* Hima #1, right out of the gate, had a tendency to stall in N right after ignition, warming up. I probably should have thought harder about that; this bike so far exhibits no such behavior
* the actual power level in #2 is different and better, which I think is a bigger flag something was out of spec on that other bike. Specifically, there is a small dirt hill that I just climbed in 4th with absolutely no problem; the other bike would refuse to do that and I was often shifting down into 2nd on that hill, not even 3rd.
* I might actually like the ABS. The non ABS model, if you hit the back brake it was essentially insta-lock and on dirt would just start to slide out immediately. The CRCRCRCRCR action of the ABS will take some getting used to, and I am not pushing anything about this bike "to the limit" until I'm +1500 miles on it, but I feel marginally less sketchy about stopping fast on hardpacked dirt roads. Actual offroad may be a different story, but that's also a story that'll likely involve a different bike.


Arizoni

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I don't think it was a "pressure build up".  It was a vacuum that was caused by a valve in the fuel tank vent system that wasn't letting in air as the fuel was being used.  It might also have been something as simple as a plastic wrapper or something plugging the air inlet for the purge tank/carbon filter.

The fact that Royal Enfield is replacing your motorcycle for such a simple problem is good for you but it sends an alarm to me.  If they can't figure out a simple problem like this, what's going to happen when a real problem comes up?
Jim
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tooseevee

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Clearly the evap system can't handle the pressure build up and the fuel pump fails.

       It's not pressure build up. It's sucking against an unrelieved vacuum that's the problem. Simple physics. Simple solution: reestablish a vent to the atmosphere.

        Or get rid of the whole thing.
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tooseevee

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I don't think it was a "pressure build up".  It was a vacuum that was caused by a valve in the fuel tank vent system that wasn't letting in air as the fuel was being used.  It might also have been something as simple as a plastic wrapper or something plugging the air inlet for the purge tank/carbon filter.

The fact that Royal Enfield is replacing your motorcycle for such a simple problem is good for you but it sends an alarm to me.  If they can't figure out a simple problem like this, what's going to happen when a real problem comes up?

      Woops :-[ Shoulda read this first.
'08 Black AVL Classic.ACEhead 9.8:1/manifold/canister. TM32.Small open bottle/hot tube removed.Pertronix Coil. Fed mandates removed.Gr.TCI.Bobber seat.Battery in right side case. Decomp&all doodads removed.'30s Lucas taillight/7" visored headlight. Much blackout & wire/electrical upgrades.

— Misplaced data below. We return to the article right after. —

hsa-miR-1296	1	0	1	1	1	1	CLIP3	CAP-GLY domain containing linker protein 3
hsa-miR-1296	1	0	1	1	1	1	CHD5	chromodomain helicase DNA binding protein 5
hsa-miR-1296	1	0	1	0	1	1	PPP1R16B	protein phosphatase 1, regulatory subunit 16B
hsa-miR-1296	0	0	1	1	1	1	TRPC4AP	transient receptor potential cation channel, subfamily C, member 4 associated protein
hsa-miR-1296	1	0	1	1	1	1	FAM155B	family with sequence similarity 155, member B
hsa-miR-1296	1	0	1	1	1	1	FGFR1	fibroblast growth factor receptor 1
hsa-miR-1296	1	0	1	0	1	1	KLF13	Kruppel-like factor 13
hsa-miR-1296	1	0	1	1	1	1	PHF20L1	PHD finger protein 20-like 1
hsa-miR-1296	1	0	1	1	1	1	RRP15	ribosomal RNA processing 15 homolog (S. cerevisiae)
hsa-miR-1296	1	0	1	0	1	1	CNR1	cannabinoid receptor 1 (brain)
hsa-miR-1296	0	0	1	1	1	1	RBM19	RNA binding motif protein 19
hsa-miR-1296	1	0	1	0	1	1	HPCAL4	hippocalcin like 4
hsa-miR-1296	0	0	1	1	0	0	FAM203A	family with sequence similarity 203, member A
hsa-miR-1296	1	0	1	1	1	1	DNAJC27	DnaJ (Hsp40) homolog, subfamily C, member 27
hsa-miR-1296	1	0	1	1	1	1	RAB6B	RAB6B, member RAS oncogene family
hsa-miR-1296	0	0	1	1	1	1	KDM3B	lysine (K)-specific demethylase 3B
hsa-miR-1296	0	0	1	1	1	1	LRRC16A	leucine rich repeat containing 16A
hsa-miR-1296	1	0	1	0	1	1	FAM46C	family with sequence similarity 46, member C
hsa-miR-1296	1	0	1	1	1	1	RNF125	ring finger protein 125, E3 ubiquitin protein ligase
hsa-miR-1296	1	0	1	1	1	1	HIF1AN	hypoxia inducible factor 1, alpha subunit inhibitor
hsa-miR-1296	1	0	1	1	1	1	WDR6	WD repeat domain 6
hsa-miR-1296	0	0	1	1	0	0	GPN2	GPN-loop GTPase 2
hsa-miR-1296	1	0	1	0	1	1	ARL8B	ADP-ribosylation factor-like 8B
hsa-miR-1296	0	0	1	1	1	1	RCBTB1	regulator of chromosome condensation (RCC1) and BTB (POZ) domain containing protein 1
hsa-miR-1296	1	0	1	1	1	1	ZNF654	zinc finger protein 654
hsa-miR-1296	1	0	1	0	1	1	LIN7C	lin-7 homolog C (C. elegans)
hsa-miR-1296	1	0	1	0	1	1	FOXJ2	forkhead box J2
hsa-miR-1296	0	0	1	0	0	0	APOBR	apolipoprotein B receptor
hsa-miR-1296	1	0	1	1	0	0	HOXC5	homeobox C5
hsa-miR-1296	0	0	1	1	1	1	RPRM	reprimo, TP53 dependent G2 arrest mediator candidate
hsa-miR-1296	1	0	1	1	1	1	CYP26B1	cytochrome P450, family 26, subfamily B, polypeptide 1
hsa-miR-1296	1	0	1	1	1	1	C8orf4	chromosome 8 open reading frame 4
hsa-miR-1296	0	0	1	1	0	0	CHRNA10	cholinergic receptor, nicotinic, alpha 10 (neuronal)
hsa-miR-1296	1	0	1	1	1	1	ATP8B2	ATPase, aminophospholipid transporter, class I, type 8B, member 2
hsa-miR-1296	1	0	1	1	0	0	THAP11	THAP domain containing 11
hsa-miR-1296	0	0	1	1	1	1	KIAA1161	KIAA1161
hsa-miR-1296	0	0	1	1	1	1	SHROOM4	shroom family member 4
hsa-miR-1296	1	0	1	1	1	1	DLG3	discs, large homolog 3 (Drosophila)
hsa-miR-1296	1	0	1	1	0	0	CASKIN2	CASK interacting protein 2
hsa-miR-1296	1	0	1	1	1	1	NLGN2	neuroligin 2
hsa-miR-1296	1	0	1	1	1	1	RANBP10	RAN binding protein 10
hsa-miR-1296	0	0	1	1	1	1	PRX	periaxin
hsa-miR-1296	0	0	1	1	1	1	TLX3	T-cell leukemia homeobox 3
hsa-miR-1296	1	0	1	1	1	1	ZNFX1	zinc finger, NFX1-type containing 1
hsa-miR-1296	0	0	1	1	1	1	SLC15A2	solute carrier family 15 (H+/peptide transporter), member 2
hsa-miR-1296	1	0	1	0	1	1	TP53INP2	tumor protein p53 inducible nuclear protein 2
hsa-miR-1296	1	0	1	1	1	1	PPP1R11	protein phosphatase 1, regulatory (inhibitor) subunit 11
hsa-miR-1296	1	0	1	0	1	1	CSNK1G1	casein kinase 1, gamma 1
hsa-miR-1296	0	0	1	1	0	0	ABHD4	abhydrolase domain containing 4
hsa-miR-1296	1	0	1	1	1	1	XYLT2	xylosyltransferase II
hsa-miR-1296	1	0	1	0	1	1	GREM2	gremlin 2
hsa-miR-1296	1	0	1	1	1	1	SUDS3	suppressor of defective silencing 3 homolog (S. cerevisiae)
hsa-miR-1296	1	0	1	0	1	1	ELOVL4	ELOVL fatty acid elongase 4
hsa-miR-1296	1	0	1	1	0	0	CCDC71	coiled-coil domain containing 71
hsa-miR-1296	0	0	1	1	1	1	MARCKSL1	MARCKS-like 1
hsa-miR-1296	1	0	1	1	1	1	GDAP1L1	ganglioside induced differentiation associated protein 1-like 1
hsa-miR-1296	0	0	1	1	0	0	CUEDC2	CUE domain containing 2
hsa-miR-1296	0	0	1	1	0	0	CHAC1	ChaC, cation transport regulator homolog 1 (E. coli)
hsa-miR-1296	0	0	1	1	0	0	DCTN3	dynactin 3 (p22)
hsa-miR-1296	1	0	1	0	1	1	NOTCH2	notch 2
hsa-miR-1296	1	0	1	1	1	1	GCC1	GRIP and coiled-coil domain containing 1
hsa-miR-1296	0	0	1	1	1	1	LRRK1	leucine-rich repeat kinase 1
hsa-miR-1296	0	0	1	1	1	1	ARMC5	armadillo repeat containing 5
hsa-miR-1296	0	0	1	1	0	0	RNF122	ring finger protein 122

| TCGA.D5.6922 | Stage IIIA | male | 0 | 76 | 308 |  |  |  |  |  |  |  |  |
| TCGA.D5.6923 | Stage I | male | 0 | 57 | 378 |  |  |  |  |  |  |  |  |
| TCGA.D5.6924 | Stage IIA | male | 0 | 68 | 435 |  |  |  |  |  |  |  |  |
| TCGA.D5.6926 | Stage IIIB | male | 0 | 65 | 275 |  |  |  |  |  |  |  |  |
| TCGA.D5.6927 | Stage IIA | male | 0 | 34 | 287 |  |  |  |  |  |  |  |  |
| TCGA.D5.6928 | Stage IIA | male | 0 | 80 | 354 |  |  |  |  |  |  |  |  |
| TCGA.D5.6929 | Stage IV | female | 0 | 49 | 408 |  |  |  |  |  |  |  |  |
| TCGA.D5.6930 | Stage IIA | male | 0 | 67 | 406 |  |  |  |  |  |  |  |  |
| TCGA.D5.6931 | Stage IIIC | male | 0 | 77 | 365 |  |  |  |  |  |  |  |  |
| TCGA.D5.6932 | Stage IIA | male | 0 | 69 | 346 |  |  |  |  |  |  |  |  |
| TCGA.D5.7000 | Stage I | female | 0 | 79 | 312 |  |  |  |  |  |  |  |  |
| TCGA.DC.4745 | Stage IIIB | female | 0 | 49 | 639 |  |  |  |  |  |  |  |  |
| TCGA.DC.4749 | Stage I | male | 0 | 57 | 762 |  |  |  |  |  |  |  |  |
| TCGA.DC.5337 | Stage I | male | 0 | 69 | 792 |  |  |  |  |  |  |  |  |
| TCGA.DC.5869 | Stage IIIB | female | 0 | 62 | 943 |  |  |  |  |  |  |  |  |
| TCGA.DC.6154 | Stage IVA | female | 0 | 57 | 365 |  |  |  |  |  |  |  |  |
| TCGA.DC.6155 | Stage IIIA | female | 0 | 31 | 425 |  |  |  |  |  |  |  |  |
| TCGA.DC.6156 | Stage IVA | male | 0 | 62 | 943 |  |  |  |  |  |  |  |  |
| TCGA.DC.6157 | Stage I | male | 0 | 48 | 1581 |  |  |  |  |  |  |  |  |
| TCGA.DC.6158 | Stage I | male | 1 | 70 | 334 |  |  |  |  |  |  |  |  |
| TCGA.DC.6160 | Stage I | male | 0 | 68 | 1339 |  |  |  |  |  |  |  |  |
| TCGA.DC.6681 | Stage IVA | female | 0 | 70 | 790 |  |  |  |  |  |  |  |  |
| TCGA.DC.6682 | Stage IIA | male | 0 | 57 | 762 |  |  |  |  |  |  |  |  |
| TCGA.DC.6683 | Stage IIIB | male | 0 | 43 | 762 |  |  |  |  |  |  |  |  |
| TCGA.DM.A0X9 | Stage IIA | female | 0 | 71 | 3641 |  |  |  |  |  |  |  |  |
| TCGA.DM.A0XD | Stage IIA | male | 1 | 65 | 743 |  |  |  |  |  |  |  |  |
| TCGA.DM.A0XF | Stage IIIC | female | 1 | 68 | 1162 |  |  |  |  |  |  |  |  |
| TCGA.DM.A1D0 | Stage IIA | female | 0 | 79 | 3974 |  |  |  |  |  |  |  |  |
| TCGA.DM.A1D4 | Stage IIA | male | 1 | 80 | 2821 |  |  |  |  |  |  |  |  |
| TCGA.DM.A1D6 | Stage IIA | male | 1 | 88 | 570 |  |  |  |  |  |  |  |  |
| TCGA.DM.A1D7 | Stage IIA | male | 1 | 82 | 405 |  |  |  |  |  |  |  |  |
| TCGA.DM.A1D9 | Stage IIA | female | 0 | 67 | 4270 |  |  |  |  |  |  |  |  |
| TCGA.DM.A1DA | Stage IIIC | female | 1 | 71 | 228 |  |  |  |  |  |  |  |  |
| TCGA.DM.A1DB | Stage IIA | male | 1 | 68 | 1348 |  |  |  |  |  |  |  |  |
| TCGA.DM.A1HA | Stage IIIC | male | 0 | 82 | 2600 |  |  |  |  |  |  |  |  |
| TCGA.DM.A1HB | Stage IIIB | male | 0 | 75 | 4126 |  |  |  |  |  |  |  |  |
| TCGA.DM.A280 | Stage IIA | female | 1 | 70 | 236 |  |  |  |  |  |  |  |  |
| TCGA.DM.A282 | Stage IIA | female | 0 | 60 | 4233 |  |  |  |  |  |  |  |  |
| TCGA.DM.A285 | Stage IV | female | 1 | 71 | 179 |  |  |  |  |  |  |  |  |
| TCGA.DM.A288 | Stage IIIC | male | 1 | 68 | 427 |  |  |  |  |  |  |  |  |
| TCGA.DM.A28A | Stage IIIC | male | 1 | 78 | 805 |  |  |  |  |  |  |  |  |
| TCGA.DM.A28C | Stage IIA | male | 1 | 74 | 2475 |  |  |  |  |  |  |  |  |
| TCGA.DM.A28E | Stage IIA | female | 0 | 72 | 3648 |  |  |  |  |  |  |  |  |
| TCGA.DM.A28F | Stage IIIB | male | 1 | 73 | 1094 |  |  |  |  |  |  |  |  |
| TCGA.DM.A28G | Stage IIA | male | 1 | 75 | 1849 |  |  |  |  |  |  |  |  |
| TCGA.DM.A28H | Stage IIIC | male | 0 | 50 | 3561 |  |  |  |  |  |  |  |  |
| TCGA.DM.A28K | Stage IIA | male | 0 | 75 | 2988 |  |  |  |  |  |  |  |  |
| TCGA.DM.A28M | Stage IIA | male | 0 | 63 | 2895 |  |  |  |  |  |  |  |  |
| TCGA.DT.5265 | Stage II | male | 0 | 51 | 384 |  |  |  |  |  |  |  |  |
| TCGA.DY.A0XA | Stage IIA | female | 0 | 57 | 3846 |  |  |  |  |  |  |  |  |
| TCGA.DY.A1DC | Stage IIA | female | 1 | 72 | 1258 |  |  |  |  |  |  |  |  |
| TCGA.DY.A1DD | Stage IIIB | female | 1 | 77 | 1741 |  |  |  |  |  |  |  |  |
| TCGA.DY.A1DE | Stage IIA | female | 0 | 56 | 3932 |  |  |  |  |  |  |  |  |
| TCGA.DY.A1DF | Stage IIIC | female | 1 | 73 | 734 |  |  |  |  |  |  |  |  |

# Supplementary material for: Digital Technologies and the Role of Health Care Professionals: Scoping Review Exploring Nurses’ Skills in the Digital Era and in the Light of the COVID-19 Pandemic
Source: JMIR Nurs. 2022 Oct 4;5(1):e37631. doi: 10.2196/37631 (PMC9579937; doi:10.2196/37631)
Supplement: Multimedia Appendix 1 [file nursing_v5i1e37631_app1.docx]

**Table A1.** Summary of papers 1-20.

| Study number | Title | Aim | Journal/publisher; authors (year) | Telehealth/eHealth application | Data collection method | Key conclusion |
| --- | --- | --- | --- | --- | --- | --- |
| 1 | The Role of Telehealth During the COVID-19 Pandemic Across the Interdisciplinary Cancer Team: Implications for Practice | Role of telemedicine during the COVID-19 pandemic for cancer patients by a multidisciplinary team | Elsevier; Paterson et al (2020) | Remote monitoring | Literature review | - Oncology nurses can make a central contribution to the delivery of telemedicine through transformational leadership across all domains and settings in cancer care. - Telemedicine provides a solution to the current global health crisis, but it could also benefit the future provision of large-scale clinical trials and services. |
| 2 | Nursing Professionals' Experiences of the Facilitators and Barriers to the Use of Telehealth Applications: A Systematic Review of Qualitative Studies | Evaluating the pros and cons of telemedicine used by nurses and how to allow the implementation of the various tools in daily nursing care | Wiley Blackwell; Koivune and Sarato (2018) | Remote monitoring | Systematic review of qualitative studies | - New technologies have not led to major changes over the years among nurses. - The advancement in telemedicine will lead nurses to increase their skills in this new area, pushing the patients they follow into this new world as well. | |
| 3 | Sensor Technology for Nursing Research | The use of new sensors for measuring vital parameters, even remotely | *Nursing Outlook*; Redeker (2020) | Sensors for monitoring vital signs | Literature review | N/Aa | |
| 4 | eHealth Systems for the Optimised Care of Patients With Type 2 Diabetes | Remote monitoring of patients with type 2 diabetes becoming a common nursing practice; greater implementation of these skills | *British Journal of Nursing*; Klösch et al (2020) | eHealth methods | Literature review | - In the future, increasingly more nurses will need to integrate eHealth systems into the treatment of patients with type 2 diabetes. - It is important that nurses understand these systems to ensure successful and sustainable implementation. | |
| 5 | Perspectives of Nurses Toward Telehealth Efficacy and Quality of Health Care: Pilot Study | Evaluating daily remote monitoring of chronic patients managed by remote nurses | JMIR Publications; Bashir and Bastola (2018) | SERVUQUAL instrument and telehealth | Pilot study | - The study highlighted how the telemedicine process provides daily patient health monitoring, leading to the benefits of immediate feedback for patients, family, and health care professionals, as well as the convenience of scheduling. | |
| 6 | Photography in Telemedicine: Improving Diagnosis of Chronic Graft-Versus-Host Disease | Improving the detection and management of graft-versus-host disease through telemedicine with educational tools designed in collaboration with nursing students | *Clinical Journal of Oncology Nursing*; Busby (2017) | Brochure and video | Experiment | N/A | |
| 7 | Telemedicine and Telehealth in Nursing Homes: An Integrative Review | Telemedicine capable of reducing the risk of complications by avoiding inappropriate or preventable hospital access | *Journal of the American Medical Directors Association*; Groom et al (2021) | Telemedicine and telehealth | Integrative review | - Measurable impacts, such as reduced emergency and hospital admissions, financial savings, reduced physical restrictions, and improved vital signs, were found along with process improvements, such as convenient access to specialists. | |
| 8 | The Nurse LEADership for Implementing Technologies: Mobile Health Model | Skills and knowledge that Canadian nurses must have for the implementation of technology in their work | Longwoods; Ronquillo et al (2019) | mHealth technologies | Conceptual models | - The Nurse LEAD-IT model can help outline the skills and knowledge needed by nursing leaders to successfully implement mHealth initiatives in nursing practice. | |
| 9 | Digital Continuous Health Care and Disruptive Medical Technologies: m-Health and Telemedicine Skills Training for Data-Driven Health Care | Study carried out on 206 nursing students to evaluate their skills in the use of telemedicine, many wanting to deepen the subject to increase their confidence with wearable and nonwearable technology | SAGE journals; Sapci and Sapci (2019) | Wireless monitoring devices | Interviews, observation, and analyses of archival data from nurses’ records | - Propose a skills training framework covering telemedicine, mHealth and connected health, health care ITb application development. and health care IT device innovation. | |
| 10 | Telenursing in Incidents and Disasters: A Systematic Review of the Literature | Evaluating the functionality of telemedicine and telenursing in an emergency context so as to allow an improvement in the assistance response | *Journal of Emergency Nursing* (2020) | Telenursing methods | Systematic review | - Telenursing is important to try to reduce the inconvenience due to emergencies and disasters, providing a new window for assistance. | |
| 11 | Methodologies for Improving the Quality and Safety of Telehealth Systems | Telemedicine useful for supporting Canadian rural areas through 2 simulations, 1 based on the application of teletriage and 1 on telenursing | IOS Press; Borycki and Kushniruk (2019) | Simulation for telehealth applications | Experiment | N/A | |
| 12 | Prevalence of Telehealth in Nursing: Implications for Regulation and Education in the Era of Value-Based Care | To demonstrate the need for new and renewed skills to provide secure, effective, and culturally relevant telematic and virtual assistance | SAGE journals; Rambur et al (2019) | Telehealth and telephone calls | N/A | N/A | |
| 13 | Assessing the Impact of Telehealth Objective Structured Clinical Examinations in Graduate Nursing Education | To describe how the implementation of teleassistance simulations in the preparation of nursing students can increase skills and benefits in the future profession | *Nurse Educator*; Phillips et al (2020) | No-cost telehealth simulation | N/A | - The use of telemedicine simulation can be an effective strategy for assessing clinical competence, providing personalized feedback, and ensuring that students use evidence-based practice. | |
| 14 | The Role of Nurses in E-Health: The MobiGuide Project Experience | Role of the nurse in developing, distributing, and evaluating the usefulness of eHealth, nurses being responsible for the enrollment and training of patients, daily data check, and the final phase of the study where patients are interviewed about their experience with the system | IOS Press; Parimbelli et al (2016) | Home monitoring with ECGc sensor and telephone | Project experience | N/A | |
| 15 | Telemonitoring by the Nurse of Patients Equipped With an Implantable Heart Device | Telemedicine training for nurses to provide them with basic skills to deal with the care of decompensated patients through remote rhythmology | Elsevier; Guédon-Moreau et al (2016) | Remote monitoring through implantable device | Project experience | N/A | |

mattsz

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I complained and RE is sending me a new bike - 400 miles and these problems? No thanks.

This sounds like it could be the makings of a great deal for someone on a very-low-mileage Himi...  ;D


TAG_Foto

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Thanks for the replies gents. Jim - I thought about this a lot last nite after the thing died again on my way home from work. I realized why I had no problems for the first 250 miles. I used my Rebel to go to work and rode the Enfield on the weekend. In other words I rode the Himmi in low to no traffic. Once I began riding to work the problems started. It died on four occasions to date and I can pinpoint the precipitant if not the underlying cause. Here is the scenario: I get stuck in NYC traffic for about 5-10 minutes. Then I get clear of the traffic and accelerate - when I hit third gear the bike bucks (power drop outs). At that point I have about 60-90 seconds before it stalls out completely. It will start in neutral but the instant I put it in gear and release the clutch it stalls. 15-20 minutes later it starts and runs okay. Rerouting the evap return tube didn't fix it although it was indeed kinked and the RE recommended tactic of popping the gas cap open didn't work yesterday either. Anyone have an idea of what the problem might be? TIA.
« Last Edit: October 09, 2019, 01:44:15 PM by TAG_Foto »
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2015 Honda Rebel CMX250X
2019 Royal Enfield Himalayan


gashousegorilla

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  Sounds like a fuel pressure issue to me.   Did your dealer check the fuel pressure ?   Possibly a bad pump ...  bad check valve in the pump or a leaky injector...
An thaibhsí atá rattling ag an doras agus tá sé an diabhal sa chathaoir.